CONCLUSIONS Over the coming years there is no doubt that EVs should become part of every business fleet. Therefore, it is time for the IRD to think about some of the above issues for this technology which is becoming so important. In particular, it is critical that business owners are not discouraged from taking up the technology and that they have simple and fair tax rules that take account of the differences between EVs and the traditional ICE powered vehicles. NUMBERS Autumn 2018 • 7


Article by Virginia Winder

In the face of climate change and a call for increased sustainability, a Taranaki farming organisation is using cutting edge science and research to find solutions.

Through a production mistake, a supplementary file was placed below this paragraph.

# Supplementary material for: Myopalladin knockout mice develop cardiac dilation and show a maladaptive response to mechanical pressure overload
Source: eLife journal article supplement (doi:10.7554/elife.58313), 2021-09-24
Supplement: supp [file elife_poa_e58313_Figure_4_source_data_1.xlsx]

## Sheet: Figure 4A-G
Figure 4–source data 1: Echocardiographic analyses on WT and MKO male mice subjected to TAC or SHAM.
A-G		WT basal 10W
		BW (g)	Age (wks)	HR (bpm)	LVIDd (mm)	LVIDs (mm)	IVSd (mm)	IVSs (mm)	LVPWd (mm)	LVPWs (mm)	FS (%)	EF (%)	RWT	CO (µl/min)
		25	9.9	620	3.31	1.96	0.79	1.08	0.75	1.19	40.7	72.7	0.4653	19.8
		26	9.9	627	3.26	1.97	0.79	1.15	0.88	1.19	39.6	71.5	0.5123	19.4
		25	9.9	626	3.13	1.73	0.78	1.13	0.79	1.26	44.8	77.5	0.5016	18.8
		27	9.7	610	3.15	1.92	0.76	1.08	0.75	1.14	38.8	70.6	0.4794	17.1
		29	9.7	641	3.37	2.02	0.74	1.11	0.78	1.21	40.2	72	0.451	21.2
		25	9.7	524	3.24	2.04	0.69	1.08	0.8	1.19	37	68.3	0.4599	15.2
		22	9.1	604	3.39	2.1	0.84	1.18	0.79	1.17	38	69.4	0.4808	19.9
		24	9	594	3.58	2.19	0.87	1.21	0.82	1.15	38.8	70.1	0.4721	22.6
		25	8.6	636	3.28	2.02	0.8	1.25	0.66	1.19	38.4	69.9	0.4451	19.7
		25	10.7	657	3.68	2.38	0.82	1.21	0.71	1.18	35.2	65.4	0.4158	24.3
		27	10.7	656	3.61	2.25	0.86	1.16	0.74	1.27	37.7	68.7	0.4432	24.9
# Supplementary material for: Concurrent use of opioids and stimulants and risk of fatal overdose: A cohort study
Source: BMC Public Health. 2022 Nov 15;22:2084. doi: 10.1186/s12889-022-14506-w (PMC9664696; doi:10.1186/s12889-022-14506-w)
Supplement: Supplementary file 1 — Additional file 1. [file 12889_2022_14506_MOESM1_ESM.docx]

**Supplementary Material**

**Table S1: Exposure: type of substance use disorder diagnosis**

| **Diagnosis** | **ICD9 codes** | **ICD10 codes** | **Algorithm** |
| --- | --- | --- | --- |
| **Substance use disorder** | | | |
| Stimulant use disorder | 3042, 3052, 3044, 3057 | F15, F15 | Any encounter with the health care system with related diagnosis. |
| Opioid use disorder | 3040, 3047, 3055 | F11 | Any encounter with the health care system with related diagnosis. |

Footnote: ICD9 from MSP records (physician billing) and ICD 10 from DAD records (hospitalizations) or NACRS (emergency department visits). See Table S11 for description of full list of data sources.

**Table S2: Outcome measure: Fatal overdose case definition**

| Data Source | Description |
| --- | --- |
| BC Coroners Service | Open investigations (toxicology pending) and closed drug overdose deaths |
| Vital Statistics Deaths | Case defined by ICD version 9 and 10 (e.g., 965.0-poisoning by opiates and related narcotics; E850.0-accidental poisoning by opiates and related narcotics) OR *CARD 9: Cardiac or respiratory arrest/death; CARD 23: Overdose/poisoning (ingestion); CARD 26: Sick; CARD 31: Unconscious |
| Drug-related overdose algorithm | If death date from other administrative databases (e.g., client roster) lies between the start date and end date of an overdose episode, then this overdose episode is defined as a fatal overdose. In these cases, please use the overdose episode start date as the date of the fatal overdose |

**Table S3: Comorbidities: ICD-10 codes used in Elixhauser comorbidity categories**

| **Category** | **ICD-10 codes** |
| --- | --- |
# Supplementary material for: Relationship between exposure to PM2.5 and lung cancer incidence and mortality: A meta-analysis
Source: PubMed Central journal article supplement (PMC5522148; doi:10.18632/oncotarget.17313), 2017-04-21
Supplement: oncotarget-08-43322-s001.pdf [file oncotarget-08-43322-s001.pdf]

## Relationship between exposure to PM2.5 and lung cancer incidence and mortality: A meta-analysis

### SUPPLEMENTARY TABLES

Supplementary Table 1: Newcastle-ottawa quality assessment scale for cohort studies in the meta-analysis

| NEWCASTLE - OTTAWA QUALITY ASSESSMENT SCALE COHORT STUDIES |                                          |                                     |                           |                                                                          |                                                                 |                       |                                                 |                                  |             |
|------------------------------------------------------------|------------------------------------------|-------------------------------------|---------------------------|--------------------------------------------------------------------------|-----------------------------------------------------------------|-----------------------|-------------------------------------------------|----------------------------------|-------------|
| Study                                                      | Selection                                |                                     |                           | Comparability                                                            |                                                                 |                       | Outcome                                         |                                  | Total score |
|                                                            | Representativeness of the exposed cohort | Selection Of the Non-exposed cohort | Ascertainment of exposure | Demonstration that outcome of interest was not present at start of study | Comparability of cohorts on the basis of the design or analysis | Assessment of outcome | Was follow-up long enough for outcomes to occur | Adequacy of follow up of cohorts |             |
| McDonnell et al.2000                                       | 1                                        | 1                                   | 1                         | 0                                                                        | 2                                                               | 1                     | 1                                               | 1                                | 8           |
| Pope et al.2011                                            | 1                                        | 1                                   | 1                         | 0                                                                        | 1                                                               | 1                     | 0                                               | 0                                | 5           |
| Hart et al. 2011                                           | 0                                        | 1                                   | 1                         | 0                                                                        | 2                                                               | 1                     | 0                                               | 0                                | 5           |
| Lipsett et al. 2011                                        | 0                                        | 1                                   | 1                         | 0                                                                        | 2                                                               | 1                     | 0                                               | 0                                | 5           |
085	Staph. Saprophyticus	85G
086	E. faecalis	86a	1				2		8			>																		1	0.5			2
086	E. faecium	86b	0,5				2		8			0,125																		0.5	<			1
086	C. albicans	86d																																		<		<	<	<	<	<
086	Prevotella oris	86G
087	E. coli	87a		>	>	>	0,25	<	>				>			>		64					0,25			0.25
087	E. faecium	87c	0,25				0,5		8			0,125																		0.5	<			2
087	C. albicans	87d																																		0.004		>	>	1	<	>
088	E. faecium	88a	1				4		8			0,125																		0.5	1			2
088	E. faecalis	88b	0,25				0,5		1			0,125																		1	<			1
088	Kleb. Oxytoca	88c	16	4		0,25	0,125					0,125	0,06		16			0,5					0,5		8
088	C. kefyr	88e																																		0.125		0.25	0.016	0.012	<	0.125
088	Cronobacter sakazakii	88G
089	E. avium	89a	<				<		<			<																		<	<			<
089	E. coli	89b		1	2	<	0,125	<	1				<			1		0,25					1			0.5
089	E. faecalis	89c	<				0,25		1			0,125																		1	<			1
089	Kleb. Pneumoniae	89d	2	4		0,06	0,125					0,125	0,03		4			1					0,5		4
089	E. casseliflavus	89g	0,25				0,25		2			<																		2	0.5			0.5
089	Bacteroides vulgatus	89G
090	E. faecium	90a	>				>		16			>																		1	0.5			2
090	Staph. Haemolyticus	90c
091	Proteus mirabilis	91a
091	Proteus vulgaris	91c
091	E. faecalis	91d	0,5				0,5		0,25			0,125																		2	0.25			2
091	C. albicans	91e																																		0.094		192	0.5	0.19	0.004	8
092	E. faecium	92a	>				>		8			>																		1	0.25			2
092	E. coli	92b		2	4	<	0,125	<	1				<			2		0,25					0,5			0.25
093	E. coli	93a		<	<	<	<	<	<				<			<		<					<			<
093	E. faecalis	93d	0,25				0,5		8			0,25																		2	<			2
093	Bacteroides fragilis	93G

AIRY TRUST TARANAKI, FORMED ABOUT a year ago, has put together its first science direction for the province and is working on trials at its four research farms. Trust chairman Brendan Attrill says to find out what the sector wanted from research in the region, farmer-focused workshops were held. The ideas gathered were then prioritised into groups. The resulting research is all about sustainability; not just from an environmental point of view, but also from a farmer’s economic viability stance. “A number of our traditional dairybased businesses in Taranaki have come under significant pressure due to climatic shock,” Attrill says. As a result, research into an autumn calving programme has become a clear focus for the Trust. “We want to take a proactive look at what’s going on in that autumn calving space and also listen to a number of leaders in our province, who have already changed to autumn calving and use them as companion farmers,” Attrill says. A few farmers on the coast have been autumn calving for 10 to 15 years, whereas most will calve in late winter/spring. “But with the severe climatic challenges we have seen over the last five years, we have seen an acceleration of people looking at changing to autumn calving.” The Trust’s research is shared over four properties — the Stratford Demonstration Farm (51 hectares), Waimate West Demonstration Farm (34ha), the Gibson farm (110ha) at Whareroa near Hawera and the coastal Kavanagh Farm (210ha). Coming under one umbrella made sense, because the farms were competing for slim research funding and now the Trust can utilise the joint skills available from each farm, Attrill says. Trust operations manager Debbie McCallum says the research tackles the issues around the winter wet and the summer dry, which is becoming more accentuated. While Taranaki-focused, she says research from this region will be applicable to other parts of New Zealand. “We have the high altitude and the wet, and we also have the coast, with low rainfall and a dry summer, which does cover a lot of the climatic variables you have throughout the countryside,” she says. At the Stratford Demonstration Farm, researchers are looking at covered feed pads. One herd is grazed continuously on pasture, which is the traditional way, and the other herd is moved on to a covered feed pad when soils get saturated in winter and early spring. On the covered pad, cows are given feed supplements and can rest in an area deep with litter bark. “It’s looking at the cost–benefit analysis of that and environmental impacts,” McCallum says.